The eighth sensate, Chicago cop Will Gorski (Brian J Smith), has a storyline that puts him more in contact with the big grand mystery. While things are being revealed, the sensates are mostly content to accept their pseudo-teleportation powers and put them to full use by lending one another their fighting moves (Sun), hacking ability (Nomi), wisdom (Capheus), or in the most extraneous example, simply plopping down on the couch and watch a Van Damme film (Seriously, we did not need that scene, Kala and Capheus).

To call this a conventional superhero story would be misleading as no one’s trying to save the world. It’s more comparable to the 1990’s computer game Mist (If I may date myself) where you’re plopped down on an island without even knowing the game objective (and, yes, that was frustrating to 7th grade me. I wanted bad guys to shoot, damnit!).

Each of these stories offer something although there are varying degrees to which they transcend the standard genre conventions of comic-book-inspired superhero storytelling. In the case of Kala, the storyline seems to be borrowed form a Bollywood musical without the song-and-dance numbers, while Capheus’s storyline is reminiscent of the 2002 film City of God which depicts the inevitability of gang violence in Brazilian favelas.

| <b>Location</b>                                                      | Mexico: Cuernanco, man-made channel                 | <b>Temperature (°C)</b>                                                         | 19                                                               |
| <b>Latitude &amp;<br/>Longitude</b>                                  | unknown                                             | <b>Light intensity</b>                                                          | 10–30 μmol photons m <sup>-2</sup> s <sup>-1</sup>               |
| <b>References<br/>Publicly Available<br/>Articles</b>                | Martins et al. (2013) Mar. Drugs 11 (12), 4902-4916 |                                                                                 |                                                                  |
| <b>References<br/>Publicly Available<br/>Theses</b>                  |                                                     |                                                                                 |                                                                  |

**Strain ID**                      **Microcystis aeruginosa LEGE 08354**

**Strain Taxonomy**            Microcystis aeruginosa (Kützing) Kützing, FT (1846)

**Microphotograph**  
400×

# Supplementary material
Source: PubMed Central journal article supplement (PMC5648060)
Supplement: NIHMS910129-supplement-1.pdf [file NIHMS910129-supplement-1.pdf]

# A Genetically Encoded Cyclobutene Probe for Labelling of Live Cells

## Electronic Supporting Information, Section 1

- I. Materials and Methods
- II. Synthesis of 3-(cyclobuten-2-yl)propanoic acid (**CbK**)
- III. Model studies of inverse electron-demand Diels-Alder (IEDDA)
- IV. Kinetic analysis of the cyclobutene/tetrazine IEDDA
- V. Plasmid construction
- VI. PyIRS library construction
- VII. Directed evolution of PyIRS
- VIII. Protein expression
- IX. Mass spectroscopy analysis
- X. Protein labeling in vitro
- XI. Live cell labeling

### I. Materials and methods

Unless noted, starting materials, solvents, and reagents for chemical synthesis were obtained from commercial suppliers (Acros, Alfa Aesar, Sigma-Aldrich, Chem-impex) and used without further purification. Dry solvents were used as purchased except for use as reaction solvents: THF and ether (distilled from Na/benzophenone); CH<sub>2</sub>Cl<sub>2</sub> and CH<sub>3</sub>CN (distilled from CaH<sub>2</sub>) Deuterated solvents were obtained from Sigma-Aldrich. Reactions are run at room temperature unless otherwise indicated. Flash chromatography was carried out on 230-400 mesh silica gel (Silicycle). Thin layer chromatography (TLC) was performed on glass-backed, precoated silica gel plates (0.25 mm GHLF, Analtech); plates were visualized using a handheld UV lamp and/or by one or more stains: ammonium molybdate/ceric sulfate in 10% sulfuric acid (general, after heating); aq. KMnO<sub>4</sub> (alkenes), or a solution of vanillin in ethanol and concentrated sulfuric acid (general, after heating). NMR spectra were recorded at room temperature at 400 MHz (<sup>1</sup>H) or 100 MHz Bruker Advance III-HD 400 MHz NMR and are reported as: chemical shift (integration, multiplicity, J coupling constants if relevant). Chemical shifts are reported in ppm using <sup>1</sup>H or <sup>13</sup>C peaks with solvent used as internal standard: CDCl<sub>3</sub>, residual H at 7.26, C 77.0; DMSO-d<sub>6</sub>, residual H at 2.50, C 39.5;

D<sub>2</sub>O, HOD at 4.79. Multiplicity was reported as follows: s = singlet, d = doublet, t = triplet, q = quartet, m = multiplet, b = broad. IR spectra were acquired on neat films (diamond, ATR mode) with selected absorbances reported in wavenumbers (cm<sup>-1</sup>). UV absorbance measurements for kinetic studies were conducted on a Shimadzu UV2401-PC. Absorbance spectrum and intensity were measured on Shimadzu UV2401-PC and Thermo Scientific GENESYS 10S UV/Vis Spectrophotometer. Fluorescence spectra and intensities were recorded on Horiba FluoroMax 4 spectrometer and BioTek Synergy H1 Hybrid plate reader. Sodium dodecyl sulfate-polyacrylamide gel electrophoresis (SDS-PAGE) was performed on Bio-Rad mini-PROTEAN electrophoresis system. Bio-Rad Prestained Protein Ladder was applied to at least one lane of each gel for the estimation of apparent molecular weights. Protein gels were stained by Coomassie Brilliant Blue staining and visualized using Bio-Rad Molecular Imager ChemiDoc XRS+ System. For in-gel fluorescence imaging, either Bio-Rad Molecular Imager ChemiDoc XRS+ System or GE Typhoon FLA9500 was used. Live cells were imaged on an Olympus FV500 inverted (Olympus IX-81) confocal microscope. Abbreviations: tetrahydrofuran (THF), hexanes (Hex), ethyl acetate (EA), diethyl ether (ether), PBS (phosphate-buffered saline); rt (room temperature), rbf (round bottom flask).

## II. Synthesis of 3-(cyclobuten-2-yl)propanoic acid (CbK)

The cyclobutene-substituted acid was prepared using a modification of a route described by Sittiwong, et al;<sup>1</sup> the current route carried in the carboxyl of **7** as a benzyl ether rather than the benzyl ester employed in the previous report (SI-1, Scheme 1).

While I’m often suspicious of a film or TV series with “global ambitious,” there is a lot to be said for how thoroughly Sense8 incorporates place into its storylines right down to the genre elements. Each of the characters, whether it’s the culture in Mexico that would make Lito’s coming out difficult or the need to save face that’s prevalent in East Asian business culture (Sun), is defined by their place and time. By and large, these stories all have staying power (Kala’s doomed marriage as a stand-alone story and Will minus the Sense8 investigation might be the exceptions) with varying degrees of success based on the acting and chemistry. The moments between Riley and her widowed father, for example, have much more staying power than what was likely written for those scenes on paper. 

Similarly, I was very hesitant about shipping any of the sensates partially because of the ickyness and partially because I was hoping to see a show about relationships larger than simple “Will they or won’t they” questions but the romantic pairings were satisfying because they were so wonderfully abstract and unconventional.  As a number of reviews have also noted, the Lito and Nomi storylines offer a highly progressive and eye-opening tale on gay and transgender characters whether the stories are the most well-written on television or not. This is all in keeping with the humanist tone of the series as the characters are generally good guys (Perhaps the most daring storyline belongs to Wolfram in the sense that he’s not a “good guy” by his own acknowledgement) and have interactions with each other that are all beneficial.

This is all enhanced with photography that can be described as gorgeous. A minor complaint, however, is that some of the violence is jarring. The show is admittedly enhanced by storylines that lead to action scenes but some of the characters get very, very violent in a way that literally denies the humanity of others.

No comments: